Safety College

Do you have a Killer Kulture?

You may not even know it yet, but I’ll bet its worse than you think.

Well, I truly don’t know where to start. The topic of this Edition of “A Second on Safety” had been bubbling away in the back of my head for quite some time. Then I had an experience in the last few days that just cemented my mind, and has caused me more than a little distress along the way. More about that later.

Let me go back to the initial incident that had me thinking about something I have called the Killer Kulture. Some time ago now, the State in which I live experienced some horrific bush fires (wildfires). Hundreds of families lost their homes. Fortunately the public were kept pretty well appraised and there was only one (1) fatality. The previous year there had been well over one hundred lives lost, so someone learnt something?

Anyway, toward the end of the bush fire emergency there was an announcement that a water bombing aircraft had crashed and the pilot had been killed. This is a tragedy in itself. killerkulture2Then I hear last week that the highly experienced pilot (David Black) expressed concern with regard to the veracity of the weather. The Head of the NSW Rural Fire Service, at the time, (Mr Shane Fitzsimmons) had described the expected whether as the worst fire scenario that the State shall ever experience. A “big call” from a person who grew up around fire. Shane’s own father George was a highly respected fire-fighter, who himself was killed when a hazard reduction burn (being conducted by the National Parks Service) went horribly wrong in June of 2000. Along with George, three (3) others lost their lives that day. It still lives in my own memory. As a Trauma Psychologist I was activated to provide Critical Incident Stress Management (CISM) services to a number of National Parks firefighters. So, when I hear that Shane had described this particular day as “the big one”, then I am expecting an even “bigger one”.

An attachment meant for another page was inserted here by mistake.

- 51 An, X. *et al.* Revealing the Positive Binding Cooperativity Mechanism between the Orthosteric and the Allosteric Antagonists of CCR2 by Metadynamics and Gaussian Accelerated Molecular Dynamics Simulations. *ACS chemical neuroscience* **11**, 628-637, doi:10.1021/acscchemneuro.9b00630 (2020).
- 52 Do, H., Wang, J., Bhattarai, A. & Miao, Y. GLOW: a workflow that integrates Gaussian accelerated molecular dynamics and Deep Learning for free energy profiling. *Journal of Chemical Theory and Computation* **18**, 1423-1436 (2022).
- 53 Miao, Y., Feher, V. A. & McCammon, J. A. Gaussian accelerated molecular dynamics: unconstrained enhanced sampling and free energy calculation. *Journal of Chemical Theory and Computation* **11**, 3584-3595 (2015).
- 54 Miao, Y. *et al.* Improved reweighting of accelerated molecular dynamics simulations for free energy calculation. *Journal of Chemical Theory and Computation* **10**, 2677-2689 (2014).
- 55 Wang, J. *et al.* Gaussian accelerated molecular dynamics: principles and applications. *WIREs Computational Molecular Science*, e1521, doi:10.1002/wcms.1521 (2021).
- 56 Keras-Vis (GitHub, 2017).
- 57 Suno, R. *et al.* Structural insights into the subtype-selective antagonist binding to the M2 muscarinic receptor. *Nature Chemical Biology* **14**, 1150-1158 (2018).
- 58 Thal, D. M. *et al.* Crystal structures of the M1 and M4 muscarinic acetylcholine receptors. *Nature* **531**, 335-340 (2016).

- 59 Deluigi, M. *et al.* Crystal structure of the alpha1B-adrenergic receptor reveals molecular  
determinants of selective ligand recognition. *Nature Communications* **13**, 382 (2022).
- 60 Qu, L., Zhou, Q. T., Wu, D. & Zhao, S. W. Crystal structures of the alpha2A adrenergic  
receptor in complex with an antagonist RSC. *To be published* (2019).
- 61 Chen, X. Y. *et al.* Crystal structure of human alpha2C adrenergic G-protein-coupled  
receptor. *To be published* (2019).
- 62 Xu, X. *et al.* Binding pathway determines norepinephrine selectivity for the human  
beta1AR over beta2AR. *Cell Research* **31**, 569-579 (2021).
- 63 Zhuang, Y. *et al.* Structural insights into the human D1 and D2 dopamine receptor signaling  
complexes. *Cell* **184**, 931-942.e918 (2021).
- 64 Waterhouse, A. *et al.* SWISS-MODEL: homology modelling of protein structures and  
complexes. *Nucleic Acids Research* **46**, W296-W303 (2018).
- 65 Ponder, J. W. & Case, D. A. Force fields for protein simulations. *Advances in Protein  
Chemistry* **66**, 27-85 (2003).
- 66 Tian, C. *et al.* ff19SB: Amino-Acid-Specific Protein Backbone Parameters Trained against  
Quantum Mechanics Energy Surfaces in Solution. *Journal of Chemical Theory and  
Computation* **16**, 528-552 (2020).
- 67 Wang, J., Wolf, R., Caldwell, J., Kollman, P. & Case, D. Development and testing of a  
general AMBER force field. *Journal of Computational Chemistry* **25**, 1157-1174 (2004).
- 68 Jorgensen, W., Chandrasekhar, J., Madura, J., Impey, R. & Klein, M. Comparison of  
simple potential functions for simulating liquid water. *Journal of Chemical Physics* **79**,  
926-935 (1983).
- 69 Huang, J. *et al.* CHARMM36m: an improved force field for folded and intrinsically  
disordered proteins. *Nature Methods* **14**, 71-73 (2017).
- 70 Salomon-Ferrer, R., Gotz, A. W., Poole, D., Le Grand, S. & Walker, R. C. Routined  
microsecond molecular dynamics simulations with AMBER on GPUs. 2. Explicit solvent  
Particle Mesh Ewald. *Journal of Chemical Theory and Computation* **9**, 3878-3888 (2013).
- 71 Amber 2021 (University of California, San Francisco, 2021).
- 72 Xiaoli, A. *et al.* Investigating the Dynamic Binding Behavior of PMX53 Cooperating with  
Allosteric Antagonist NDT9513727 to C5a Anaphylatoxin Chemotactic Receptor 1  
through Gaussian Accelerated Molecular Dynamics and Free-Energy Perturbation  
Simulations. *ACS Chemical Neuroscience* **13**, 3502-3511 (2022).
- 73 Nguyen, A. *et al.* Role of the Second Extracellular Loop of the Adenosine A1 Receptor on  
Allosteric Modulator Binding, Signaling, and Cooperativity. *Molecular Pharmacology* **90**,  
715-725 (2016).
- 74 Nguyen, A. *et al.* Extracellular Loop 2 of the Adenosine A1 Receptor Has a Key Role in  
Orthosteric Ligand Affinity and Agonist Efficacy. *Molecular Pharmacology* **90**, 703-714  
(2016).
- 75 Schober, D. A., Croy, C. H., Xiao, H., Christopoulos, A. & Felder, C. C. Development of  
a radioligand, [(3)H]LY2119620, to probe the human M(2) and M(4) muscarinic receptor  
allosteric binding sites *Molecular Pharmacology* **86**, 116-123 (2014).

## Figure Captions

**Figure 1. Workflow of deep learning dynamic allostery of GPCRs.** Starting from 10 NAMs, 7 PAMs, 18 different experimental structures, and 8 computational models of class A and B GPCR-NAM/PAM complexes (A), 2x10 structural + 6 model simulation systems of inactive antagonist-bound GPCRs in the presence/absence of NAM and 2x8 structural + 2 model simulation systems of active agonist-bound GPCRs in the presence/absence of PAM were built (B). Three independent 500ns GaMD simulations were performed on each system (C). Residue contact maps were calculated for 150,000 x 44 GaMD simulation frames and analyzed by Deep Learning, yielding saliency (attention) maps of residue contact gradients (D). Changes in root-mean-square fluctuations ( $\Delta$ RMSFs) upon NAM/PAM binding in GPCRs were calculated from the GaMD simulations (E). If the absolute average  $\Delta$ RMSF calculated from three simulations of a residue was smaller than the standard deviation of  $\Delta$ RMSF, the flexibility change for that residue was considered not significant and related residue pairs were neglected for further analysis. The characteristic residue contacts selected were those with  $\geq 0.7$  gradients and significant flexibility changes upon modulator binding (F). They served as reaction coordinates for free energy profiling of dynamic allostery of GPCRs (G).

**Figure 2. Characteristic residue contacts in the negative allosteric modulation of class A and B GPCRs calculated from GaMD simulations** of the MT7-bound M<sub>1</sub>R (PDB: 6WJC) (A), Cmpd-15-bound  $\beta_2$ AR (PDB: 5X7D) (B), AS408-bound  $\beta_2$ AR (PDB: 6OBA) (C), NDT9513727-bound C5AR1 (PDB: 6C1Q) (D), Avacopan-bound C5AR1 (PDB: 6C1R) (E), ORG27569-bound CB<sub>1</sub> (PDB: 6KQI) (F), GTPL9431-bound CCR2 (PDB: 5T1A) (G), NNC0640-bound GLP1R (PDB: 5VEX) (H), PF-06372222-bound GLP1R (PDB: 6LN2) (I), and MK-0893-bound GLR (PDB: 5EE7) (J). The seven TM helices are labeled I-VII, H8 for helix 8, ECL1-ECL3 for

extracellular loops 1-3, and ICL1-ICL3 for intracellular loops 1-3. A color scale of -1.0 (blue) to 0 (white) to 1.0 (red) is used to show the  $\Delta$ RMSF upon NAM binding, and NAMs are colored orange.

Now back to David Black. This highly credentialed pilot (he owned an agricultural spraying company with nine aircraft), was heard to express genuine concern that the weather was extreme, and that it would be dangerous to fly. Indeed Mr Black was not the only pilot who is reported to have expressed concern over the horrible conditions. Australian Senator Bill Heffernan gave evidence to a Senate Hearing looking into the operations of the Civil Aviation Safety Authority (CASA). Senator Heffernan stated “….I’m disgusted, as I’m informed that on that day it was pretty rugged weather and … (pilots) were taunted by the Rural Fire Service because these guys didn’t particularly want to fly.” Another pilot is said to have overheard an exchange between Mr Black and another person. The words used were equivalent to, “real men and real pilots would be up there”. As it turns out Mr Black did go “up there”, and he is now dead. A very real-world example of a Killer Kulture in operation – and death and disaster was a consequence.